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Tuesday, March 14, 2006
 
Times Takes on Electoral College--Updated!

Proving that no quest is too quixotic if it (arguably) helps the Democrats, the Times takes on the Electoral College.

There are decent arguments to be made for and against the Electoral College, but in typical NYT fashion, only the latter are expressed here. In the interests of balance, here are the arguments in favor of the Electoral College:

1. It forces political candidates to campaign in smaller states. Would any presidential candidate waste his time in South Dakota or Wyoming if not for the electoral college?

2. It limits recounts to individual states. Remember Florida 2000? Imagine that played out in fifty different states.

3. It limits the effects of cheating.

The Times rightly notes that the current system:

It also discriminates among voters by weighing presidential votes unequally. A Wyoming voter has about four times as much impact on selecting that state's electors as a California voter does on selecting that state's.

True enough, but what would happen if we abolished the Electoral College? Obviously the big states would have more power. Pardon me if I don't think that's a good idea.

The Times does mention an ingenious end run around the constitutional amendment process:

But National Popular Vote, which includes several former members of Congress, is offering an ingenious solution that would not require a constitutional amendment. It proposes that states commit to casting their electoral votes for the winner of the national popular vote. These promises would become binding only when states representing a majority of the Electoral College signed on. Then any candidate who won the popular vote would be sure to win the White House.

Paul asks why big states shouldn't have more power. But of course, they do have huge power as it is. California is a state that neither party can really afford to write off. New York gets tons of attention even if it's not realistically in play anymore because of its status as the media capital. Florida and Texas get a lot of attention; every election since 1980 has had a Texan on the ballot save 1996 (1988 had two). Pennsylvania, Ohio, New Jersey; all of these states get plenty of attention.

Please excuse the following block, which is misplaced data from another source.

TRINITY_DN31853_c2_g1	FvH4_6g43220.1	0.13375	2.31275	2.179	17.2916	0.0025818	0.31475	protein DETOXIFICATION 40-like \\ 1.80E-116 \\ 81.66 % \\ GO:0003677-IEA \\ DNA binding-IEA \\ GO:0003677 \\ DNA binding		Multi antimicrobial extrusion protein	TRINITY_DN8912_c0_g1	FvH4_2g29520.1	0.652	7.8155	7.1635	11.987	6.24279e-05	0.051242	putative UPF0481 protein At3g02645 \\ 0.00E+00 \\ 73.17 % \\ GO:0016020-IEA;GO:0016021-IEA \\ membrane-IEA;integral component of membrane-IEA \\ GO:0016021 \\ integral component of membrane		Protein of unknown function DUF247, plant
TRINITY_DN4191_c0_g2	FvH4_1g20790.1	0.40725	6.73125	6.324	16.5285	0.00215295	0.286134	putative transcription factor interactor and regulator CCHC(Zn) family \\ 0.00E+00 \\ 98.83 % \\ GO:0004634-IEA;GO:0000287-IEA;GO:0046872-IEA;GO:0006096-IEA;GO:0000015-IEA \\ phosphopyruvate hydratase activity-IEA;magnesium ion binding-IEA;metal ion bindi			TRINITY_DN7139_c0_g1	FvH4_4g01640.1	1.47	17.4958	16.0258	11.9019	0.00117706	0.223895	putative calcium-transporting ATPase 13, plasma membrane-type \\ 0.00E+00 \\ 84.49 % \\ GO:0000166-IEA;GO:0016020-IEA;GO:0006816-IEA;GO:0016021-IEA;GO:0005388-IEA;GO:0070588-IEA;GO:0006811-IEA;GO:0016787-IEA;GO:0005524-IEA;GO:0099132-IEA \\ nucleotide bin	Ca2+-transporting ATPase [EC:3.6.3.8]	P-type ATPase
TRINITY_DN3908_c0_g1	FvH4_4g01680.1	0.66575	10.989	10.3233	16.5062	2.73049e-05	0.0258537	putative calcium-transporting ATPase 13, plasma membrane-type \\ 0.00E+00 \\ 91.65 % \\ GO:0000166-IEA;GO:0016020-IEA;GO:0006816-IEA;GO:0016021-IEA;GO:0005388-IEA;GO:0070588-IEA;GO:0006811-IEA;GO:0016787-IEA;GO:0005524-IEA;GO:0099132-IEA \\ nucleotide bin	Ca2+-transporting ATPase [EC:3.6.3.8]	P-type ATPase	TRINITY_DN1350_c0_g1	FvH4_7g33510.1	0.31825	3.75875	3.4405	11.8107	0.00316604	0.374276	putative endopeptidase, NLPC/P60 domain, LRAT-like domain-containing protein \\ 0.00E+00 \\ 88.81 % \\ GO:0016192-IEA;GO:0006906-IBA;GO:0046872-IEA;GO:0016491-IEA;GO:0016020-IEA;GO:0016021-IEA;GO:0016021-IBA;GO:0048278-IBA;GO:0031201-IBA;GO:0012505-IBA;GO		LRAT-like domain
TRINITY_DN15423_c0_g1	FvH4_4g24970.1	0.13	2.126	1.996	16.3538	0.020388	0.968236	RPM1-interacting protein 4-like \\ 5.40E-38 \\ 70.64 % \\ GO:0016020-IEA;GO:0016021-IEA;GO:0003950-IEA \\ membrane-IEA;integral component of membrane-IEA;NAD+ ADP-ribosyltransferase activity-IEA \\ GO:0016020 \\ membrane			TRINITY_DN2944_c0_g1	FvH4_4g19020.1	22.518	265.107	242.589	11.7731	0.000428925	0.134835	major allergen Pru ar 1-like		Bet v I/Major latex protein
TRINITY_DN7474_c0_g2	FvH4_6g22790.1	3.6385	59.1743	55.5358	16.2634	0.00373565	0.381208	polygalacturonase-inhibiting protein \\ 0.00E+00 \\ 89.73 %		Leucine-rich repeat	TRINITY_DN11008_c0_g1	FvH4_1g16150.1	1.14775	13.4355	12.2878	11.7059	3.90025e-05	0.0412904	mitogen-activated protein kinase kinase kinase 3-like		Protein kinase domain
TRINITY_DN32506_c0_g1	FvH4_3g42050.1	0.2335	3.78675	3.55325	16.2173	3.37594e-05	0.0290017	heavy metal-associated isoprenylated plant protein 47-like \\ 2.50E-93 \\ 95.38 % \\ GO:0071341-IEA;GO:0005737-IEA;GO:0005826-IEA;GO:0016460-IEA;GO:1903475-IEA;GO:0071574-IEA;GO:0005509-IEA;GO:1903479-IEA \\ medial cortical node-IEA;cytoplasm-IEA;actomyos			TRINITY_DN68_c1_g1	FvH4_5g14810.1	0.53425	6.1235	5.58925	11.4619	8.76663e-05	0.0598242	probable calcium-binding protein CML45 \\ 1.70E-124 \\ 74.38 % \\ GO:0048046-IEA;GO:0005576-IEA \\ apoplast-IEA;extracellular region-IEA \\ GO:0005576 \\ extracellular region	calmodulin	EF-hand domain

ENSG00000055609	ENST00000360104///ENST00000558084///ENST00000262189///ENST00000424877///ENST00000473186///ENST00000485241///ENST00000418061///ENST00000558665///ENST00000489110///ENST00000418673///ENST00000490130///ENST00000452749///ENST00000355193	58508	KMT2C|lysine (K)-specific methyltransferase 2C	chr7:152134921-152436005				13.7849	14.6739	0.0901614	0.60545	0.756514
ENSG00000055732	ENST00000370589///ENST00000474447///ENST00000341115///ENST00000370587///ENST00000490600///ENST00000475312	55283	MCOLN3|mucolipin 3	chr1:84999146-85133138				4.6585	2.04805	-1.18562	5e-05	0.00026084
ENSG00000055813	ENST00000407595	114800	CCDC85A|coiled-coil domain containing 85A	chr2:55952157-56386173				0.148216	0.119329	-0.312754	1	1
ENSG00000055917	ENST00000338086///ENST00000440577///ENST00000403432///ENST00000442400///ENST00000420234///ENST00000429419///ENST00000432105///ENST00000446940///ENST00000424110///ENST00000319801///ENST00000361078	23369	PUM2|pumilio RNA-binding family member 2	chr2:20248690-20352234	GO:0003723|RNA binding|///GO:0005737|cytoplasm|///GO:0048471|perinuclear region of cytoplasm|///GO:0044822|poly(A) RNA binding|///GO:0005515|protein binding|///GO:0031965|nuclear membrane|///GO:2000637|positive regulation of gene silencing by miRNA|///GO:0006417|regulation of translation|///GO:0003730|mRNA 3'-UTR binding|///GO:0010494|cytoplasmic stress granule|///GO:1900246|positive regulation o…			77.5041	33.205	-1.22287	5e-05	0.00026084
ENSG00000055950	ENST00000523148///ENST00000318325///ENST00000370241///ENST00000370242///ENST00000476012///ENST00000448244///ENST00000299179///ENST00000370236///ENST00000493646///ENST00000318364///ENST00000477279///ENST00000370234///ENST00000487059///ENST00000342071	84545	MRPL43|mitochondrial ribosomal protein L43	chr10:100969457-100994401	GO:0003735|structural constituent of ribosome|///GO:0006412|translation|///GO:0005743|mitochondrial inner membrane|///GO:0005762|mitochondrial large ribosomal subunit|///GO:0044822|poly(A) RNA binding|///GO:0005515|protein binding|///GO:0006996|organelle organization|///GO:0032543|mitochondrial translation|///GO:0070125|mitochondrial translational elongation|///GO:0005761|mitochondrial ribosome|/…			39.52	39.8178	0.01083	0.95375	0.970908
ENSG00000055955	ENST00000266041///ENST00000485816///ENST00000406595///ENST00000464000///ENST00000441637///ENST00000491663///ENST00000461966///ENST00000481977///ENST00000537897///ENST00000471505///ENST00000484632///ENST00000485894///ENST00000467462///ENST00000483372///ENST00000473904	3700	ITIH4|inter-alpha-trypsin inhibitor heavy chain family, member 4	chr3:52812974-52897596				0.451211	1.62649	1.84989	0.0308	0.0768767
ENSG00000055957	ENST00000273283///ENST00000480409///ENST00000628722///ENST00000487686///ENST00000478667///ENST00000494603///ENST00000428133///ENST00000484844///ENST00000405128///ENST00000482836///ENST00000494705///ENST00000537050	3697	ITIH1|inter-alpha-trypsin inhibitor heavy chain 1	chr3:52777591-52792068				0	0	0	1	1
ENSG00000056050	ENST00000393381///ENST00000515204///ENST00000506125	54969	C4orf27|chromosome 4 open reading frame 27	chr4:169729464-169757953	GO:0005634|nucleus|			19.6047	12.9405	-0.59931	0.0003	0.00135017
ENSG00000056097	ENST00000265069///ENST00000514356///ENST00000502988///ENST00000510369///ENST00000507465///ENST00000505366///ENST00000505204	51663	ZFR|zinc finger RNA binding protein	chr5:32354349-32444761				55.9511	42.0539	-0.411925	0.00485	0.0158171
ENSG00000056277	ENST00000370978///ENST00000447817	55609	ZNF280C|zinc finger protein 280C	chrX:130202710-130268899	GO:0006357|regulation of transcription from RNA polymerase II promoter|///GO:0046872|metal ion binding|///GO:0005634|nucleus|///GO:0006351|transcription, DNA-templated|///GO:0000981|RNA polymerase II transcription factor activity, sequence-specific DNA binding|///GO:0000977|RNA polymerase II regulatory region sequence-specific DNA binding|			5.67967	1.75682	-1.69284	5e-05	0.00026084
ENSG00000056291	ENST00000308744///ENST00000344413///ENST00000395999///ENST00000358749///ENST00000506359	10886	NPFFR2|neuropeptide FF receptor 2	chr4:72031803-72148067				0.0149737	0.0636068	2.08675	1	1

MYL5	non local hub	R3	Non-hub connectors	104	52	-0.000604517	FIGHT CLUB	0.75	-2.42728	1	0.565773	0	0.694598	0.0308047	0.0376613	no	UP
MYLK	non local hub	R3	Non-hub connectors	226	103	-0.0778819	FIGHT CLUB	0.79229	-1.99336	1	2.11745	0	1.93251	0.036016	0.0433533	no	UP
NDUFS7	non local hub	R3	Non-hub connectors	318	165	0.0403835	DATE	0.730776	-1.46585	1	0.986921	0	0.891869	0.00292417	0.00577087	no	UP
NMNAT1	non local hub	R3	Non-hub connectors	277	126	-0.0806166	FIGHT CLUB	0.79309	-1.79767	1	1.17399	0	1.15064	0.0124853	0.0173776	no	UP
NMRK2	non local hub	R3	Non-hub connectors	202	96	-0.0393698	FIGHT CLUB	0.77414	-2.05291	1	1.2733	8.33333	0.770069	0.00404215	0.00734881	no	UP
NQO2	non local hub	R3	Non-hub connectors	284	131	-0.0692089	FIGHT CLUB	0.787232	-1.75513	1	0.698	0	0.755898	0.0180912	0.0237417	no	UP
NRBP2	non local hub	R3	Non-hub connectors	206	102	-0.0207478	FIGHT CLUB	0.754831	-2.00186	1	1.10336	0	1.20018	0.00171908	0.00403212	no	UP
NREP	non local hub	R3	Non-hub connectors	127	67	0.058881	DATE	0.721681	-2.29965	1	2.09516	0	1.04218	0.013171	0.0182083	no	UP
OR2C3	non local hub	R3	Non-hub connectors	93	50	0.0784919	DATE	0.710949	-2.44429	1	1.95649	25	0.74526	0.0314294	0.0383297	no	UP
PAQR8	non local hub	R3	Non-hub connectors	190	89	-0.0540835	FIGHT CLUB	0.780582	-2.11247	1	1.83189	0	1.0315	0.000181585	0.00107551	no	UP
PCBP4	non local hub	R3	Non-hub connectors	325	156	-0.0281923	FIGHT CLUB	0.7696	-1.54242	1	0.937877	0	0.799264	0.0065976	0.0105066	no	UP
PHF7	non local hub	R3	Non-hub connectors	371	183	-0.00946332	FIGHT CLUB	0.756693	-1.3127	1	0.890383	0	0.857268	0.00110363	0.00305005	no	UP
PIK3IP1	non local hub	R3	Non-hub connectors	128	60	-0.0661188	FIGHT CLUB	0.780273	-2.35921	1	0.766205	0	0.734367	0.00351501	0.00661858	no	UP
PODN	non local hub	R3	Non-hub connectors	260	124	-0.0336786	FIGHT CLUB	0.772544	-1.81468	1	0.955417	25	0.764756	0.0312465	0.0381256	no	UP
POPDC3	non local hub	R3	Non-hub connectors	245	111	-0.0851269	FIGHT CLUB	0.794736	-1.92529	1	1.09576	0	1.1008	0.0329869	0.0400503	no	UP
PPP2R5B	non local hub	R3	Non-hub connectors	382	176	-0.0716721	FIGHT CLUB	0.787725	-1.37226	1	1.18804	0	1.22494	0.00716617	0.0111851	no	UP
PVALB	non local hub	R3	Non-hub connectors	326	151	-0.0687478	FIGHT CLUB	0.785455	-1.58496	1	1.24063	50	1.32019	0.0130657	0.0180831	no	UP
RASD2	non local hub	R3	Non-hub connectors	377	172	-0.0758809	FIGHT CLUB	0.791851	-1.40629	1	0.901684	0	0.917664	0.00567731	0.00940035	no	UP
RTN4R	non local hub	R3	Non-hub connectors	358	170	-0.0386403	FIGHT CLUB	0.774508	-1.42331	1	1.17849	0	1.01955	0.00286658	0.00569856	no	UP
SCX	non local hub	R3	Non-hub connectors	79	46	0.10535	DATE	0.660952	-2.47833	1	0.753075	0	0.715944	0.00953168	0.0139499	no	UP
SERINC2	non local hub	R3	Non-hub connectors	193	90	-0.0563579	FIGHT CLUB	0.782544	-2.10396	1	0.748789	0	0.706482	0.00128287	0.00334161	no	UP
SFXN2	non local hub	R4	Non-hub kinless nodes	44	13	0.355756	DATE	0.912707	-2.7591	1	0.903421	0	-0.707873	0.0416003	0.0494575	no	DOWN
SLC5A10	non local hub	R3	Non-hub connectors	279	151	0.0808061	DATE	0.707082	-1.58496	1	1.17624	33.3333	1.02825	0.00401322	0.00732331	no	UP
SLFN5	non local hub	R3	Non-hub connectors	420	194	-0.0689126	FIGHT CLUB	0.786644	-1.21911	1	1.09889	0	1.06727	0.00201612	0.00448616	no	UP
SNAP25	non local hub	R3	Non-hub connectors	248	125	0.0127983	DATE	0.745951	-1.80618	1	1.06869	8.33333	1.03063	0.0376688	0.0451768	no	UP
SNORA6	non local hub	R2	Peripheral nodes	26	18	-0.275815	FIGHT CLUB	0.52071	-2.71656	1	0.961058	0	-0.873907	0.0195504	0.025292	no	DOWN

To change the rules so California gets more attention seems silly. California already has 55 electoral votes, more than 10% (10.2% to be precise) of the total necessary to elect a president And in 2004, a little more than 10% (10.1% to be precise) of the nation's votes came from California. So it's hard to see that California's getting screwed here; in fact the small states are getting a small advantage, but it doesn't add up to much in the face of a behemoth.

And note that the advantage for small states arises simply because of the Senate. Now I know a lot of people would like to change the Senate as well, but the Senate/House system was essentially a compromise between small states and large states. The large states got the power in the House, and the small states got the power in the Senate. It is clear that this compromise was intended and agreed to at the time by both the large and the small states. And it is not hard to argue that the makeup of the Electoral College was also part of that compromise.

To a certain extent, the Times' endorsement of this measure is a perfect example of the "something for nothing" Democrats. It's the painless miracle cure for what ails the donkeys' presidential hopefuls. But there are no miracle cures. The Democrats have been avoiding taking the hard measures needed to build a majority party because they keep believing that some killer slogan will get them back in the W column.
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